Public Reporting and Physician Pay
The Wisconsin Collaborative for Healthcare Quality (WCHQ) is a voluntary not-for-profit imitative established in 2003 with the mission to publicly report provider performance for the intent of improving care in the state of Wisconsin. WCHQ is governed by a multi-stakeholder group including providers, employers, insurers, and consumer advocates. Over the last eight years WCHQ has built a quality reporting system that compares physician providers and now includes over 30 measures including indirect outcomes measures such as A1C levels as well as direct outcome measures such as cardiac surgical mortality reported at the physician group level.
The Commonwealth fund recently funded a study of WCHQ’s impact on quality performance across the state. Geoff Lamb, M.D. a professor at the Medical College of Wisconsin designed and executed a prospective study of WCHQ members and compared the organizations participating to those that didn’t on quality scores. One of the key findings of this study was that organizations that reported data publicly and which performed poorly rapidly improved to a similar level of performance to the mean of the whole group of reporting organizations (ref 1). Although the study did not prove that public reporting organizations overall delivered higher quality than organizations that didn’t publicly report, the trend was in that direction. The other thing the study showed was that the number of organizations using WCHQ data as the quality benchmark for setting physician group performance targets increased from three at the start to eight three years later.
ThedaCare physicians have been setting physician performance targets based on WCHQ benchmarks for eight years. Each year ThedaCare has significantly improved performance on almost all of the many indicators (ref. 2). Prior to having the WCHQ data comparison ThedaCare Physicians had been very focused on improving quality. The provider sponsored health plan Touchpoint owned by ThedaCare was awarded number one in the nation status by the National Committee on Quality Assurance for two years in a row, 2000 and 2001. HEDIS scores were used to create a quality bonus model at the health plan. Each year ten HEDIS measures were chosen by ThedaCare Physician leaders for bonus targets.
The maximal award was a ten percent bonus based on the physician’s baseline compensation if all ten performance targets were hit. If only one target was hit, a one percent bonus was paid and so on. The health plan administered the bonus but it only encompassed the Touchpoint Health Plan patients. The 80% of patients weren’t part of the equation. Interestingly, although physicians said they didn’t treat the health plan patients differently than any other payer there was a 20% discrepancy in quality performance the health plan members were actually receiving better quality than the non health plan patients. ThedaCare Physician leaders were concerned about this discrepancy and thus formed WCHQ which is an all payer, all patient data base that doesn’t discriminate by any particular health plan. After WCHQ was created the health plan continued to pay a maximum ten percent bonus to physicians who met all quality targets but ThedaCare Physicians redesigned the compensation plan so that it included all patients and decided to use the WCHQ data as the performance result to determine eligibility.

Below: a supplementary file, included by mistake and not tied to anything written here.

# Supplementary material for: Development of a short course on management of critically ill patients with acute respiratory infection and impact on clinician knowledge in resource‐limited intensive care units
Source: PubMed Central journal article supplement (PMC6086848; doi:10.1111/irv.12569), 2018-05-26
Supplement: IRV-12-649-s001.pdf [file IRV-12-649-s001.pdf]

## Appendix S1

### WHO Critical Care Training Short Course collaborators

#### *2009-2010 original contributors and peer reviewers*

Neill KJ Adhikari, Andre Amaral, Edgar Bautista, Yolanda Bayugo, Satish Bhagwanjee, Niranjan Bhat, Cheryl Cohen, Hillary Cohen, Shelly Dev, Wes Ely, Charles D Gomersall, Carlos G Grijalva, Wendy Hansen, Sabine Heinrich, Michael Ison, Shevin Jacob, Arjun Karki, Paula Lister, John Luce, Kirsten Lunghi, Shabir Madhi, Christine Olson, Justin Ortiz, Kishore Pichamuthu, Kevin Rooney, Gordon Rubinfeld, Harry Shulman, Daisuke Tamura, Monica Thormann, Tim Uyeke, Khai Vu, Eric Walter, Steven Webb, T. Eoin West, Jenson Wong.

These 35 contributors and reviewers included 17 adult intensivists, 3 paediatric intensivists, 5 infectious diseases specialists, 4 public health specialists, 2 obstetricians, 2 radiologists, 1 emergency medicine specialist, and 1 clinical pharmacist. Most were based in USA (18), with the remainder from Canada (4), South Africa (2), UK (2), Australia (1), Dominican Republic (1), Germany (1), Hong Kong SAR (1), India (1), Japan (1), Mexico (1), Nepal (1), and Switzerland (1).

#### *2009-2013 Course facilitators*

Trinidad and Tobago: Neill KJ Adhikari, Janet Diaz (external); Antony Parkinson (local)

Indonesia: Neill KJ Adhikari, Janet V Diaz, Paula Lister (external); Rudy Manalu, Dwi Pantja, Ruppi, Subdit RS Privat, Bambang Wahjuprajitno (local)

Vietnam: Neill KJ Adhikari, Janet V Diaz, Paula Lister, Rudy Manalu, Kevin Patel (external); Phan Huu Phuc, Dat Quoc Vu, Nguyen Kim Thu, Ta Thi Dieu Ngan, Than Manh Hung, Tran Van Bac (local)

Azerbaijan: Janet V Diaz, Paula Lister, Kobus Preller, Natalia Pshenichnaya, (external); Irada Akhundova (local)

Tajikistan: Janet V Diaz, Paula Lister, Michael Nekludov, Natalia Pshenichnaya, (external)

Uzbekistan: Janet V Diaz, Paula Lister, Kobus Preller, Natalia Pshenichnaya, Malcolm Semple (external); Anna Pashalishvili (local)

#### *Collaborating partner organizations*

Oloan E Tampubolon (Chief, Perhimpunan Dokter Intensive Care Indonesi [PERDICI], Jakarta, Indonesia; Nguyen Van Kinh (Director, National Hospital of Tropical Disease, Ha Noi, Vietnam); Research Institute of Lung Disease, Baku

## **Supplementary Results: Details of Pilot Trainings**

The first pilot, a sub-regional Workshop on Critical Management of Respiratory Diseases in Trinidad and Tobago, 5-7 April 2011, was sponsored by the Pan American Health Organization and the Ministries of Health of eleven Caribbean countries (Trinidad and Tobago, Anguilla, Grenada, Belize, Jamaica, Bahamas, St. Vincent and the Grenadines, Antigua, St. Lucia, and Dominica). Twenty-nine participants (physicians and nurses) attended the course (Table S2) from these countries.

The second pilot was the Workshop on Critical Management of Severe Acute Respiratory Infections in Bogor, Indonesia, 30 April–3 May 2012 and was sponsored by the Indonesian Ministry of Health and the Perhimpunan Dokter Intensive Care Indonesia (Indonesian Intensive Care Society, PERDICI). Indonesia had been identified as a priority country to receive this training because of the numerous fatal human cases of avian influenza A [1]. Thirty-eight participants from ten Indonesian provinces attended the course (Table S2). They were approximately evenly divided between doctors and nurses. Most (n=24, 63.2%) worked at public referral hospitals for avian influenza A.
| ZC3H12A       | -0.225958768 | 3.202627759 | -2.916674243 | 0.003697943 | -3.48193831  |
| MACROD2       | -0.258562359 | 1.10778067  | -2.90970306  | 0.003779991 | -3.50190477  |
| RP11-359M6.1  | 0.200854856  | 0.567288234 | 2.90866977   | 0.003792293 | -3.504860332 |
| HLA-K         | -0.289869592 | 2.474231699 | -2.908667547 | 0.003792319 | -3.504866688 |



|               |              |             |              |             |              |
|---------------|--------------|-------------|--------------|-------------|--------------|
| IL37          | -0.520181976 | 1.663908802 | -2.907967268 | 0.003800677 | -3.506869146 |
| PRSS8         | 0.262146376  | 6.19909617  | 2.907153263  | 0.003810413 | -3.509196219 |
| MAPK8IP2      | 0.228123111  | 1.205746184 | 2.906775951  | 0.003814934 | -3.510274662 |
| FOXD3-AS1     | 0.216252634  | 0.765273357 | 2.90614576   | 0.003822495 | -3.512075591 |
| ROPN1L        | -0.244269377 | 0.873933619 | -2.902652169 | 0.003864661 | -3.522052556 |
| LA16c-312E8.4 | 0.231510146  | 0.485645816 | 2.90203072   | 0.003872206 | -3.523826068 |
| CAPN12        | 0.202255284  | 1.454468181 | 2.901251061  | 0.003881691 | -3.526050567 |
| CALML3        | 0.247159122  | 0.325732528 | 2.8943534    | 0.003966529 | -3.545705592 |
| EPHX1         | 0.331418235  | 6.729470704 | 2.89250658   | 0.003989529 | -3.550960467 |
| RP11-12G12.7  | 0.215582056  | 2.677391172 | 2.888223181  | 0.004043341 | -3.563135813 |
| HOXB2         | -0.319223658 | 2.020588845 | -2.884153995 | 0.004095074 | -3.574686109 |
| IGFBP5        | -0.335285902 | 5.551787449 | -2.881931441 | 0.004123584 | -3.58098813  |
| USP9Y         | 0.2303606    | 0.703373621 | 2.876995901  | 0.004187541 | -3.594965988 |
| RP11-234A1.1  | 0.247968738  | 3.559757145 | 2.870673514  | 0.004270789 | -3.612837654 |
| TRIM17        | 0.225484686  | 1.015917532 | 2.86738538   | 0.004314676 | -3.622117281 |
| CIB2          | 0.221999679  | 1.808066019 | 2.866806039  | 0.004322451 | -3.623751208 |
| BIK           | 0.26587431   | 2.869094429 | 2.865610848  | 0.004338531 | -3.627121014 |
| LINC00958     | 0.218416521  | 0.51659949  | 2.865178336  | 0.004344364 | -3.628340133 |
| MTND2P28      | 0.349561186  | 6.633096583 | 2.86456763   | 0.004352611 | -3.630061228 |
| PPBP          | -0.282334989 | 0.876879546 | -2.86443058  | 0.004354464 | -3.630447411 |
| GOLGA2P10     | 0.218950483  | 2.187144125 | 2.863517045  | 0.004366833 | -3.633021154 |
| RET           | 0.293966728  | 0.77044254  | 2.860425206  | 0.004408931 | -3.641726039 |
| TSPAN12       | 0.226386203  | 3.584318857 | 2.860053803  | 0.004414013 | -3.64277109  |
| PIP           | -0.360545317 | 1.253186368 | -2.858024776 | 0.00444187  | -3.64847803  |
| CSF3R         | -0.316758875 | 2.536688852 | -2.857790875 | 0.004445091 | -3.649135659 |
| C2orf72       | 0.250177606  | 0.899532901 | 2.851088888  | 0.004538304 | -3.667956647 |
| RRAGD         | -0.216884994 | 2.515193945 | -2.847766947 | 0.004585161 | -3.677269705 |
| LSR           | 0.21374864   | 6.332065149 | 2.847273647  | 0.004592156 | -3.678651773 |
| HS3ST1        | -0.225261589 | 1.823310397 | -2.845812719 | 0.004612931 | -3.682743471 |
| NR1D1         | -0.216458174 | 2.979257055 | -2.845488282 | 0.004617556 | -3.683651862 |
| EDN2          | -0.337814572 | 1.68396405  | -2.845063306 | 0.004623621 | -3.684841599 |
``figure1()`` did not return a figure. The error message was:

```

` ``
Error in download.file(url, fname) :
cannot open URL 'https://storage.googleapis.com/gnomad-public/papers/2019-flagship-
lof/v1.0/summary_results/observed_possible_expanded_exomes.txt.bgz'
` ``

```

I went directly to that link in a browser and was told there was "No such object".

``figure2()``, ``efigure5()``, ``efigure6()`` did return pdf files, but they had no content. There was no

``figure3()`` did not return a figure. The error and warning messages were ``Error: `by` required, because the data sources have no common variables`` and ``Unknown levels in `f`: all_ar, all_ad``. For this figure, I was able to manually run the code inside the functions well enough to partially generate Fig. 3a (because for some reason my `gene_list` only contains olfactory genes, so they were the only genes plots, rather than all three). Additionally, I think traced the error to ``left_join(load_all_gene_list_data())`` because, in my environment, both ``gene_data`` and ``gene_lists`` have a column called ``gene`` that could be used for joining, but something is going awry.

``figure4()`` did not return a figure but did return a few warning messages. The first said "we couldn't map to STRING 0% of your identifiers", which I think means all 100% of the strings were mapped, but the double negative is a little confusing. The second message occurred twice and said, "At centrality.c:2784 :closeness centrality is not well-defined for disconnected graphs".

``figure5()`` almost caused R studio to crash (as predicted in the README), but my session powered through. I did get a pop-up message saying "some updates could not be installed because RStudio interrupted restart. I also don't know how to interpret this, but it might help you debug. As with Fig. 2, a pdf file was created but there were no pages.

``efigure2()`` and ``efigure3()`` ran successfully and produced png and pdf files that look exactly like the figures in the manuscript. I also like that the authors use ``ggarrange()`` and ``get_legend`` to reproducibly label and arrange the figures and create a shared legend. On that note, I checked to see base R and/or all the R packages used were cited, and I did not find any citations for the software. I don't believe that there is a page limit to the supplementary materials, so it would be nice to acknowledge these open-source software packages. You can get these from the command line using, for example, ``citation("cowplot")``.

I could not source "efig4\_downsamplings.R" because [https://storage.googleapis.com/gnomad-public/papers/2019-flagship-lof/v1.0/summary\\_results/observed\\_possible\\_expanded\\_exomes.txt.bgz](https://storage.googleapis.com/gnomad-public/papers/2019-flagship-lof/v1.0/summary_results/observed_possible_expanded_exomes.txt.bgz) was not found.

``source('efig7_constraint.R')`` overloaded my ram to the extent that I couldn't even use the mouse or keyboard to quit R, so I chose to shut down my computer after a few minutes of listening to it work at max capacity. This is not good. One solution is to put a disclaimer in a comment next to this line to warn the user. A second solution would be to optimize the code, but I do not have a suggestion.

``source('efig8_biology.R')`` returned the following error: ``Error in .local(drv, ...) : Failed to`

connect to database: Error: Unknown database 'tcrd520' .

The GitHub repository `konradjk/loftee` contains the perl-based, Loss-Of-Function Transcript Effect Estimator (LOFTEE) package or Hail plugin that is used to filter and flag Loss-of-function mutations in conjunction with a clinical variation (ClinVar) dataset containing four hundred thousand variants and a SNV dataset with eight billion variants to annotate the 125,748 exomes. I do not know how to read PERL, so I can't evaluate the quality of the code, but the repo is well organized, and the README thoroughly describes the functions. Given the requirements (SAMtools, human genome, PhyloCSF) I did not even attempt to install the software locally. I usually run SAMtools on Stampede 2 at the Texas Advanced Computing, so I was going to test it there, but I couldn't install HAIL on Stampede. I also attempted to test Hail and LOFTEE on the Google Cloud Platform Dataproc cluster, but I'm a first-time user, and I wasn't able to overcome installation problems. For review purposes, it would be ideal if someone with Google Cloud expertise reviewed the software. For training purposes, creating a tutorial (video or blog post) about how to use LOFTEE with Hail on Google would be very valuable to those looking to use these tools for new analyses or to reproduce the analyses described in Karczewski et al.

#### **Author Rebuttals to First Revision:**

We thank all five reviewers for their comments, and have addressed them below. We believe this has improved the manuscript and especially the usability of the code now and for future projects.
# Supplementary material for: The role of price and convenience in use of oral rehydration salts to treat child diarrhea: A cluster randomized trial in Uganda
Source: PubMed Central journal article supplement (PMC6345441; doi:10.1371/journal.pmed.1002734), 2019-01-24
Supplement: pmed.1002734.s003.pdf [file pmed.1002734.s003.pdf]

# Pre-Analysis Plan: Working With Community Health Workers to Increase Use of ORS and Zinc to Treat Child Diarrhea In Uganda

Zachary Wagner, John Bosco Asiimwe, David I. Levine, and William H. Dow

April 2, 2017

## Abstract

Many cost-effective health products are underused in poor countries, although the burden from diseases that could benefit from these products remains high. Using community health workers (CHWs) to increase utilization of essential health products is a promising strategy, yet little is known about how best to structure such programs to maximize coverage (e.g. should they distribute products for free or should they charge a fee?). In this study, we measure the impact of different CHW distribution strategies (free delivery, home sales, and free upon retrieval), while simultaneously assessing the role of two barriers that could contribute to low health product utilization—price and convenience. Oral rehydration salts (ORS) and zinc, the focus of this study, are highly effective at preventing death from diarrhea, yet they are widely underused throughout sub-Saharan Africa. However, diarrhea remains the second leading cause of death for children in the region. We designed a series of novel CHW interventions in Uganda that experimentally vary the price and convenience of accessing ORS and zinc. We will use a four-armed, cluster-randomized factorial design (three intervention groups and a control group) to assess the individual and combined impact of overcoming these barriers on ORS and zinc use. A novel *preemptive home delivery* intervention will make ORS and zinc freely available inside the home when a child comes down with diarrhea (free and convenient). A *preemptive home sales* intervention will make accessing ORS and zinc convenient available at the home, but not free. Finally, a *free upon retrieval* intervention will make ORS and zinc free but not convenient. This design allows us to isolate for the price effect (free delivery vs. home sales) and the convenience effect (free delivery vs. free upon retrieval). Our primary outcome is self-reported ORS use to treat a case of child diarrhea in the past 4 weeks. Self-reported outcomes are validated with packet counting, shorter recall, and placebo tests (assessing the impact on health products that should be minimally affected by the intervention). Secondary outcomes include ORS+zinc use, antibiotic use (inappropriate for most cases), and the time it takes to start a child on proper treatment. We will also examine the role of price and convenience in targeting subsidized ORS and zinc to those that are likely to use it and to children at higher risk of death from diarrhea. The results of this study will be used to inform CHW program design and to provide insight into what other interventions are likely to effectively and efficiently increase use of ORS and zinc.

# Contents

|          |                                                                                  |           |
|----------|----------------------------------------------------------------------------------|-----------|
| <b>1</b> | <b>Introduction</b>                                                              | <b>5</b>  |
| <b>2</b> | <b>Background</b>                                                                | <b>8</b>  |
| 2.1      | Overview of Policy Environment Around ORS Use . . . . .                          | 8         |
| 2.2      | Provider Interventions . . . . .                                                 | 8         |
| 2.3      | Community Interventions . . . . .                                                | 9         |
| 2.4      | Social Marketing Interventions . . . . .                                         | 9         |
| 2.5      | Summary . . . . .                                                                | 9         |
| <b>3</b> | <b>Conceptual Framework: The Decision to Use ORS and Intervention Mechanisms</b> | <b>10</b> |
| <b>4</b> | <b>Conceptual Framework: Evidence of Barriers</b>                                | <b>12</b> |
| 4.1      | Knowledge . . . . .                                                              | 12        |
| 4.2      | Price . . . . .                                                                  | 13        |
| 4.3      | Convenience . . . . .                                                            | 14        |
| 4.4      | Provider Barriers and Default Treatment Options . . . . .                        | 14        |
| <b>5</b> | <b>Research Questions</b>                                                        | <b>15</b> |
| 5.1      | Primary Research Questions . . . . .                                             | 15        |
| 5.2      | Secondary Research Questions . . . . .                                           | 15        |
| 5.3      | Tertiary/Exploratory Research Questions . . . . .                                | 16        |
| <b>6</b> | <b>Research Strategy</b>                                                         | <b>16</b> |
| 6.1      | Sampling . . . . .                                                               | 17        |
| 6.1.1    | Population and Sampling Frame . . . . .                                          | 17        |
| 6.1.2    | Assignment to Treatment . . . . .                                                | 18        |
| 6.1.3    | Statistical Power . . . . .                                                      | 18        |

Recently WCHQ reported updated results which show that ThedaCare is performing at 8 standard deviations above the mean on the chronic disease quality measures and 20 standard deviations above the mean on preventative measures. It is also true that each organization reporting data to WCHQ has been improving so the benchmark performance continues to improve each year making it more difficult to be in the number one spot. Recently Dean Health system in Madison has declared the strategic goal of being number one in all WCHQ metrics. The competition is on, which is what public reporting of pertinent performance data can do.
ThedaCare Physicians has determined the next challenge is to incorporate cost data and quality data together into a measurement of value. At the moment the physician compensation committee is deciding what percentage of compensation should be at risk for value metrics. With the advent of the publicly accessible data from the Wisconsin Health Information Organization (WHIO) comparative physician cost data is now available across episode treatment groups. This information is generated from an all payer claims data base established in Wisconsin in 2009 which now holds over four million of the state’s 5.4 million residents insurance claims data. The Medicare data is missing in action despite multiple attempts to convince CMS to release it to WHIO but even without it accurate comparisons of physician cost is possible because of the number of episodes attributed to each physician using the commercial and Medicaid claims.
The power of public reporting has led to many changes within the Wisconsin physician groups and is leading to better quality being delivered year over year. Physicians are competing on cost and quality rather than the size of marketing budgets which is good for patients and for people who pay the healthcare bill.